Real Women Not as Good as Skinny Women in Ads

Discussion
Aug 01, 2008

By George Anderson

The move by marketers to use “real” looking women has brought them positive publicity and, along with it, sales. A new study by professors at the College of New Jersey and Villanova University, however, suggests that these very same companies might have actually done better if they did away with using everyday women as models and just stuck with, well, real models.

Jeremy Kees, a business professor at Villanova, told AdAge.com, “The really interesting result we’re seeing across multiple studies is that these thin models make women feel bad, but they like it. They have higher evaluation of the brands. With the more regular-size models, they don’t feel bad. Their body image doesn’t change. But in terms of evaluations of the brands, those are actually lower.”

The exception to the above rule is in snack advertising (women prefer to see real women eating cookies than waiflike creatures) where women were four-times more likely to turn down an Oreo after seeing an ad with a thin model than one who was normal size.

While the research made a case for skinny models, it did not involve assessing ads in the marketplace that feature regular-sized women.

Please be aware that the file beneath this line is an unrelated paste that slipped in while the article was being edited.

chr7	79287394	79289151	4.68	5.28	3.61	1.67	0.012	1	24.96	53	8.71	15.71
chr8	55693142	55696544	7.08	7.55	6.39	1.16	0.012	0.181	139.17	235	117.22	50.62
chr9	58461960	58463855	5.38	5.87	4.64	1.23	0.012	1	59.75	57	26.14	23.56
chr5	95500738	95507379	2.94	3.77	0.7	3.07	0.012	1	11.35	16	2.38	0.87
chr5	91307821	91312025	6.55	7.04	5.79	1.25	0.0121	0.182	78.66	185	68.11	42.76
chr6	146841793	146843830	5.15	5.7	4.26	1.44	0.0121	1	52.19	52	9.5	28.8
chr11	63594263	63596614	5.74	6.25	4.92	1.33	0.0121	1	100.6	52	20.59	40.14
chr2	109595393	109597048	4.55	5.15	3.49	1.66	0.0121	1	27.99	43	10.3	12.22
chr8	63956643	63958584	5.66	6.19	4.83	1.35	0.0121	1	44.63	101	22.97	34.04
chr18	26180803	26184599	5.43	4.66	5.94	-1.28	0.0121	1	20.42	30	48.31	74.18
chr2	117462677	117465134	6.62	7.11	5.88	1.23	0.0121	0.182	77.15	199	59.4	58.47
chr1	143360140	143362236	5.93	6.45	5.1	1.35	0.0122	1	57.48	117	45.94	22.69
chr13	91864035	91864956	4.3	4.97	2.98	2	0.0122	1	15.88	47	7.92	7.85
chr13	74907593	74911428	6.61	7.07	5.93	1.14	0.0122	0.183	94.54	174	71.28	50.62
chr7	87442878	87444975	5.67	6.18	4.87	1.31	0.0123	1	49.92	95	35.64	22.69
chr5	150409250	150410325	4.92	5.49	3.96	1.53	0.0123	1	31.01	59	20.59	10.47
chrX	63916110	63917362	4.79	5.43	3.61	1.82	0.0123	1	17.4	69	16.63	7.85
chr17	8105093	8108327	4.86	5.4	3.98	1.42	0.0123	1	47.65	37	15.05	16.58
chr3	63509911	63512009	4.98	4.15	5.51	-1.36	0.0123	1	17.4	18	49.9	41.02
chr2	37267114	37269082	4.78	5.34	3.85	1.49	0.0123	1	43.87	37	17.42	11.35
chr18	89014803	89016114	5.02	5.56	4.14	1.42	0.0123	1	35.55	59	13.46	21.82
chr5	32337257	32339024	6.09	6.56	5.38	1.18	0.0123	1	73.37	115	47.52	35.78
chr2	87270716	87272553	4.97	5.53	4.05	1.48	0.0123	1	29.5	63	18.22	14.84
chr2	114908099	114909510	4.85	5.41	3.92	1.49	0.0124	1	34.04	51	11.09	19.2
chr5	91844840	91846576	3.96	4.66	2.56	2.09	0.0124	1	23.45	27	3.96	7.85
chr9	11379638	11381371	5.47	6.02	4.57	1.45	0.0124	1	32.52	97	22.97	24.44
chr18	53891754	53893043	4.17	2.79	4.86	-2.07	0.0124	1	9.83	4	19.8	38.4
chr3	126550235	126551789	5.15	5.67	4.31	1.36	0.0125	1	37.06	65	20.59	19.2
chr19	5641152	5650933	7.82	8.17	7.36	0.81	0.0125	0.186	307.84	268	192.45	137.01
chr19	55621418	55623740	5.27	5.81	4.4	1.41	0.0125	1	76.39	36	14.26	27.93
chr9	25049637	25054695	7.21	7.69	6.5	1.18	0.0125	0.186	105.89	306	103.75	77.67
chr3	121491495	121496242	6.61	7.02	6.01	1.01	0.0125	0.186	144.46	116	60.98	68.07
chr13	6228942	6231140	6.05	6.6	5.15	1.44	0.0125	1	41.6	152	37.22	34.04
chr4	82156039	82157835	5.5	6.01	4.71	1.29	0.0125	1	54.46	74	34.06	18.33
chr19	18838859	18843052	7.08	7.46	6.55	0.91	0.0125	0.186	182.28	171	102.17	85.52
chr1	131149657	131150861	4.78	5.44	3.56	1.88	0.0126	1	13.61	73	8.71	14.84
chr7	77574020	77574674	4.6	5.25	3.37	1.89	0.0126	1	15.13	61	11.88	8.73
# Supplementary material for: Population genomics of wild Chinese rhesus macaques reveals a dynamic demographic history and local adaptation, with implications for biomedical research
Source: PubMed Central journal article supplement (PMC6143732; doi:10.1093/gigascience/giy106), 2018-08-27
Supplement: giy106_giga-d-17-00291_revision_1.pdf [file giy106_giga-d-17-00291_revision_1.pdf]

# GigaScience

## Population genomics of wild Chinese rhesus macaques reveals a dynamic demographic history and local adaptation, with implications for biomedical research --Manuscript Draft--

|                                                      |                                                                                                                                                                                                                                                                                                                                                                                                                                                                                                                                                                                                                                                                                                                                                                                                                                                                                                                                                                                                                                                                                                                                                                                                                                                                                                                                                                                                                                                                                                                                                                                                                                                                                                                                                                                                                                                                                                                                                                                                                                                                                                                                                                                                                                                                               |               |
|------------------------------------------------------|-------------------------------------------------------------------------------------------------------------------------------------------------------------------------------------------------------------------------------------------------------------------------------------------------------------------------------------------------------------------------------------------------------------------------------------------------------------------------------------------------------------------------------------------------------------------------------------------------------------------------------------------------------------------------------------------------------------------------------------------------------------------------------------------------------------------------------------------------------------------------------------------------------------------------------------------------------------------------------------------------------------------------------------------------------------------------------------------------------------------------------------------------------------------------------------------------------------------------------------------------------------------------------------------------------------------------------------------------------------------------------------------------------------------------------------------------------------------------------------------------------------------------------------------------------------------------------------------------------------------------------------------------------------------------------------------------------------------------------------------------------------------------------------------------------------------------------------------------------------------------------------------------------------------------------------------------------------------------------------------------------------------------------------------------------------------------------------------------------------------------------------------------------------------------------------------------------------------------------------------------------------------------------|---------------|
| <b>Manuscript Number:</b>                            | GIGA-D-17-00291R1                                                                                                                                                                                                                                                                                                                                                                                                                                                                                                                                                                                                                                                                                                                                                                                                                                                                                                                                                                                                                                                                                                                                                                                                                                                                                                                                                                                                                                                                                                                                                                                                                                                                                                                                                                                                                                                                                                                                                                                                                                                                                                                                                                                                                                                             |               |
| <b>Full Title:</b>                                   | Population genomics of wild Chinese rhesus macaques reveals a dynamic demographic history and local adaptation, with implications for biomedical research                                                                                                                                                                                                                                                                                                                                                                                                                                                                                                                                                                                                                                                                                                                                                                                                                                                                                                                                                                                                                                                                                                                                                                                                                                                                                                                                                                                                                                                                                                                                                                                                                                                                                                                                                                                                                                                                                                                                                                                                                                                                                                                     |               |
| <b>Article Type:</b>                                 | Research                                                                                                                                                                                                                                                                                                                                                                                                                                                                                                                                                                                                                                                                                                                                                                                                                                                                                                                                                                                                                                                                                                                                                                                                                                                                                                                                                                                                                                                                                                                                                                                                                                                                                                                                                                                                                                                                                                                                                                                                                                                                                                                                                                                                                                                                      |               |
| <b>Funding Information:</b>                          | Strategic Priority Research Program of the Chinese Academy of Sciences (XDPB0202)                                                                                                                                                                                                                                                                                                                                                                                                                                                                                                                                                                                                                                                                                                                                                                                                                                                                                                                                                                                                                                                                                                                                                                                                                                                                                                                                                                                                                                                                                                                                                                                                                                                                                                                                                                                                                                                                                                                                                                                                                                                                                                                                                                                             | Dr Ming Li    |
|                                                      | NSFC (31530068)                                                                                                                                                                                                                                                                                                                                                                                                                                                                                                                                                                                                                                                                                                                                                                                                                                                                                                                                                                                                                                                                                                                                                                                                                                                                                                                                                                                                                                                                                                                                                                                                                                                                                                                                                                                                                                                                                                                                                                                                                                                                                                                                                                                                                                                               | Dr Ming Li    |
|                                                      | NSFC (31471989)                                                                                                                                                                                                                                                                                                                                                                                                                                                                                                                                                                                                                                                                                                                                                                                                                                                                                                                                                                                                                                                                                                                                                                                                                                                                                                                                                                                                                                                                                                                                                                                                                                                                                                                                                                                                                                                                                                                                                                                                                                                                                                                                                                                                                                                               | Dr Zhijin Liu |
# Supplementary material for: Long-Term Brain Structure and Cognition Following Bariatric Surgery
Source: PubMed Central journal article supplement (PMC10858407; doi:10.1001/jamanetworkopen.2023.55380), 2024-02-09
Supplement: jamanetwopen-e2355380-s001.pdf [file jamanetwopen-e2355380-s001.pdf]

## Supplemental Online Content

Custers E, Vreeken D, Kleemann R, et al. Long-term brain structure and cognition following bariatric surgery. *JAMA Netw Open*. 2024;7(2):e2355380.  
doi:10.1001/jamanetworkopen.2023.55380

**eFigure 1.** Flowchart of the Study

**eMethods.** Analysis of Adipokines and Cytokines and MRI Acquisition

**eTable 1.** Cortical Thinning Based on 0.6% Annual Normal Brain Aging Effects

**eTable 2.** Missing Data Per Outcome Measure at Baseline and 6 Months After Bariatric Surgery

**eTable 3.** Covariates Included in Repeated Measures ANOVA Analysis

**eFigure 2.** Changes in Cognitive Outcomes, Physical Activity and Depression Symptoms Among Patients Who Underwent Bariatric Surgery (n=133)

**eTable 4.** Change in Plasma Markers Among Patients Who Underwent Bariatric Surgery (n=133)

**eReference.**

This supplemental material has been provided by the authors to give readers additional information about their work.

Unilever’s Dove brand, with its “Real Beauty” campaign, has no reservations about the effectiveness of its advertising. A company spokesperson said in a statement, “We believe women have the right to feel comfortable with their bodies and not suffer from lack of self-esteem brought on by images of excessive slimness… We are thrilled by the overwhelming positive responses we have received from women (and men) as a result of the campaign.”

The spokesperson added, “There is no question that women and young girls are being bombarded with unrealistic messages and images of beauty that impact their self-esteem. We are excited to see now (and have seen in the past couple of years) a growing trend towards more realistic and healthy looking women in advertising and in the media.”

Discussion Questions: Does the research from professors at the College of New Jersey and Villanova University make a stronger case for using thin models in ads or presenting images that bolster women’s self-esteem? Should brands be pushing buttons that may, in some way, be harmful/hurtful to consumers while generating sales or should they find a way to drive sales without making people feel bad about themselves?

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15 Comments on "Real Women Not as Good as Skinny Women in Ads"


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Laura Davis-Taylor
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Laura Davis-Taylor
13 years 9 months ago